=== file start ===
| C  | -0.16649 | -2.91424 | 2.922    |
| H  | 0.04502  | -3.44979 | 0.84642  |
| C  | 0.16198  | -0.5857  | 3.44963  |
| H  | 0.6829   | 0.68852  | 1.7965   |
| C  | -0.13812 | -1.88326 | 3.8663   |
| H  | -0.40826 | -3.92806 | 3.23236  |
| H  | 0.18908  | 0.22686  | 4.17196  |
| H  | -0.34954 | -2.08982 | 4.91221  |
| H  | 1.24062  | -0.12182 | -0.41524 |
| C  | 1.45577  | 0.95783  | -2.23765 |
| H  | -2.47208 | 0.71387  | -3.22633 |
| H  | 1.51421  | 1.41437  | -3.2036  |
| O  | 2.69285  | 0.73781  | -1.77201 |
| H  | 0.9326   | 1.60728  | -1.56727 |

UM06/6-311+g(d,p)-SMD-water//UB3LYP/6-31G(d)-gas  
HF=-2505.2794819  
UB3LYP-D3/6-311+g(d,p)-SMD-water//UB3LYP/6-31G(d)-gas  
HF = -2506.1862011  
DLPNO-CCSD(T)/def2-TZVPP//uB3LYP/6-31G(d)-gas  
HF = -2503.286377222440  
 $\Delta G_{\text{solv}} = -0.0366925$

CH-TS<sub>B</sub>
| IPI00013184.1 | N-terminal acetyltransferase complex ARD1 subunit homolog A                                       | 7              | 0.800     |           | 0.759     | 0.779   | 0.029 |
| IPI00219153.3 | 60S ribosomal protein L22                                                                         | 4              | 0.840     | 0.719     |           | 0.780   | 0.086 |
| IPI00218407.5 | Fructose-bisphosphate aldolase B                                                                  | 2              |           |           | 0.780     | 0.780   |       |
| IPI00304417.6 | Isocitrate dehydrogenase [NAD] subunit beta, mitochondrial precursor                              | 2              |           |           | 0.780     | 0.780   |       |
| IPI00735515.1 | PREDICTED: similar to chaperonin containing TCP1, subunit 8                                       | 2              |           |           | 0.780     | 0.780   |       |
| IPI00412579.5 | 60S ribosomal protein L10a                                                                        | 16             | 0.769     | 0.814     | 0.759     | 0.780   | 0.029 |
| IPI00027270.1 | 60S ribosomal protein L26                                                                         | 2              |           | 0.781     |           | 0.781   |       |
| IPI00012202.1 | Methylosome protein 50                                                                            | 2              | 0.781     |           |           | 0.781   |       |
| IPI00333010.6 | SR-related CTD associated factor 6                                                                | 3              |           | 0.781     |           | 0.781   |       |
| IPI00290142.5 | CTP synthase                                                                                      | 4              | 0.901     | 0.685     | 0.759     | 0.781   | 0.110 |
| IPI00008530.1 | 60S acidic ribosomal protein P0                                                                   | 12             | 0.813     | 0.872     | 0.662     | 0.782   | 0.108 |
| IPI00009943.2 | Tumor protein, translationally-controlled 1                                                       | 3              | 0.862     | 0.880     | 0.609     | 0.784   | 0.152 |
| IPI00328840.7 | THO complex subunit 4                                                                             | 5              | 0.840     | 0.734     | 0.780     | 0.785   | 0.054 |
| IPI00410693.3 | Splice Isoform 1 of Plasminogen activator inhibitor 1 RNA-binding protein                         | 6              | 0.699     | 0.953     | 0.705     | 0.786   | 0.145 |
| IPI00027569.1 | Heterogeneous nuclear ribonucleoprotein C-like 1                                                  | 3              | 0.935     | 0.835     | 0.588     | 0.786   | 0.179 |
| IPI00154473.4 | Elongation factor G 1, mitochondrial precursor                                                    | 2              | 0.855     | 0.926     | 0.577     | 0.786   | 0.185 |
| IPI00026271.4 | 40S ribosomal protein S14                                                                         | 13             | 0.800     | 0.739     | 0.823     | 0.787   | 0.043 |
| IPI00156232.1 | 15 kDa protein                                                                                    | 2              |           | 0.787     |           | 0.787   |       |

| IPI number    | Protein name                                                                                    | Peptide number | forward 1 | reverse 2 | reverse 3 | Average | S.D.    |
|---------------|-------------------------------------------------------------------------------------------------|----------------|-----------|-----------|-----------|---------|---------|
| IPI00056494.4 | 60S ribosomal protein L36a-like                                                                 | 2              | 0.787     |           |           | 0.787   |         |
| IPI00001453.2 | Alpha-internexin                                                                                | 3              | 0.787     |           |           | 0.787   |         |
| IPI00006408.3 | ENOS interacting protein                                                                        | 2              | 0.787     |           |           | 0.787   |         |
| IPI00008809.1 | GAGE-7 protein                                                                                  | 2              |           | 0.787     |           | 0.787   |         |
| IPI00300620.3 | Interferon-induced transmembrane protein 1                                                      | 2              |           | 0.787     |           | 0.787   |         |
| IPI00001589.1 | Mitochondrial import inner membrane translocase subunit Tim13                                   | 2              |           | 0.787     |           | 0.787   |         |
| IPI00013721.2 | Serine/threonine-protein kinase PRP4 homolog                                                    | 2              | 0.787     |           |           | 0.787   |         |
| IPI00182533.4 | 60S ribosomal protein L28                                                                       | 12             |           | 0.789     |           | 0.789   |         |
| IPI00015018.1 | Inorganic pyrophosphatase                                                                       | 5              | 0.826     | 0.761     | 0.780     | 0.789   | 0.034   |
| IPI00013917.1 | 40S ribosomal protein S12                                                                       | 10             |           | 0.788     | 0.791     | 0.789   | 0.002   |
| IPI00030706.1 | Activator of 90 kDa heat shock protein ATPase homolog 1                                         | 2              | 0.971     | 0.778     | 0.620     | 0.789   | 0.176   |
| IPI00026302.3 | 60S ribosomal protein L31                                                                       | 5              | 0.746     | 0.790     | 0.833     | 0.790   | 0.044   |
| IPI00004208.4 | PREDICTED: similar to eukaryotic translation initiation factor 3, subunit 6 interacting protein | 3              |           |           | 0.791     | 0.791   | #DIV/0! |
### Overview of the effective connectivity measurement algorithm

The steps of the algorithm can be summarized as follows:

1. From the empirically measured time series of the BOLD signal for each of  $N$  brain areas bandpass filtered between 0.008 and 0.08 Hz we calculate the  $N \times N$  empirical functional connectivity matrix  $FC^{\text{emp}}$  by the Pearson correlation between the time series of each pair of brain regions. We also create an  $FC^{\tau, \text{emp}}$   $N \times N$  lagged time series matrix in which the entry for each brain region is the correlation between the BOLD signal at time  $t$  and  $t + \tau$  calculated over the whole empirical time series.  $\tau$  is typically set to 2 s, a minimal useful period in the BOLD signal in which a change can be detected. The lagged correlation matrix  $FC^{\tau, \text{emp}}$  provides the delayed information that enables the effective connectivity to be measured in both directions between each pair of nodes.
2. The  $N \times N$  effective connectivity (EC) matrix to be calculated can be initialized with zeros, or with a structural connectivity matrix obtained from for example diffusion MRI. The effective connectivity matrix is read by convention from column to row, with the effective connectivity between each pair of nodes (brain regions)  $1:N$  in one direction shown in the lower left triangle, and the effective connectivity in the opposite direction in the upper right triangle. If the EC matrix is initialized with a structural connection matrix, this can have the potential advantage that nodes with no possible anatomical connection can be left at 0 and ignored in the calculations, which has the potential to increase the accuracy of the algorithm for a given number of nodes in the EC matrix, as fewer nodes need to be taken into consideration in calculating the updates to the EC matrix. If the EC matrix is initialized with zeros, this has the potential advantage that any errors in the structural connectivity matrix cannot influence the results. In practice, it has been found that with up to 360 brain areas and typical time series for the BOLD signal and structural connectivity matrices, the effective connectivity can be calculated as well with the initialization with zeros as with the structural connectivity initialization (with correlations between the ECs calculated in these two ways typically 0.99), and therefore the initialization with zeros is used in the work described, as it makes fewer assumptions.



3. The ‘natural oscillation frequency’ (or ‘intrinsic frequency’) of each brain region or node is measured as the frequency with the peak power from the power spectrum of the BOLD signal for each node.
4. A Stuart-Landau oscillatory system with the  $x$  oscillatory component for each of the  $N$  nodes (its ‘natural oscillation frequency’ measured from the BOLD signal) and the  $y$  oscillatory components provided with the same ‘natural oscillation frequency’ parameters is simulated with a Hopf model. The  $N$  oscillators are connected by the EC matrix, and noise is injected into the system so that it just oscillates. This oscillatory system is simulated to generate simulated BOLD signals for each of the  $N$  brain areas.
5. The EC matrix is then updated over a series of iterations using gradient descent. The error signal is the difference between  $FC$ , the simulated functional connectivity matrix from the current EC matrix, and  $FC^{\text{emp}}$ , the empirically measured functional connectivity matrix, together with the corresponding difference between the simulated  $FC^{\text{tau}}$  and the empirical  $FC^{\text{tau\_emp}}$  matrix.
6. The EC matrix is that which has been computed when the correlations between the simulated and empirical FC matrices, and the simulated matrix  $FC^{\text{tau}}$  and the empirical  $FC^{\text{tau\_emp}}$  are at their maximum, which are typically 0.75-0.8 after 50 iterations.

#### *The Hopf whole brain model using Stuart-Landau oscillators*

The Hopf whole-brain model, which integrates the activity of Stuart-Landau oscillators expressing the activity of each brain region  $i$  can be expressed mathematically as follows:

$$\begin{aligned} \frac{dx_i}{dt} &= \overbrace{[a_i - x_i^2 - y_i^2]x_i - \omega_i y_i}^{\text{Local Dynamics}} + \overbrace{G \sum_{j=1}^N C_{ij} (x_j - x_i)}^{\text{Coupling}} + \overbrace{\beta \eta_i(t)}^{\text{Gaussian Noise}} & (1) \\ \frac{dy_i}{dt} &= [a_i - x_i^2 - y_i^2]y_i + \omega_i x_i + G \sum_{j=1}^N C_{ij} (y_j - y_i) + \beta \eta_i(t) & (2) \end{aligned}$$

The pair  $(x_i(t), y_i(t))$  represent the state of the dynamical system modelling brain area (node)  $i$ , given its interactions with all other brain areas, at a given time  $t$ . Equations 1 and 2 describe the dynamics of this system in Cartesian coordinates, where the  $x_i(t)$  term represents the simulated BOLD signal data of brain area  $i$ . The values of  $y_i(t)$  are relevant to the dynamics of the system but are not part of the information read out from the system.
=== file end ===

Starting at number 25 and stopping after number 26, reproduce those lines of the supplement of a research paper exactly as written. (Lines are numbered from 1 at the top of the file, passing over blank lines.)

| IPI00218407.5 | Fructose-bisphosphate aldolase B                                                                  | 2              |           |           | 0.780     | 0.780   |       |
| IPI00304417.6 | Isocitrate dehydrogenase [NAD] subunit beta, mitochondrial precursor                              | 2              |           |           | 0.780     | 0.780   |       |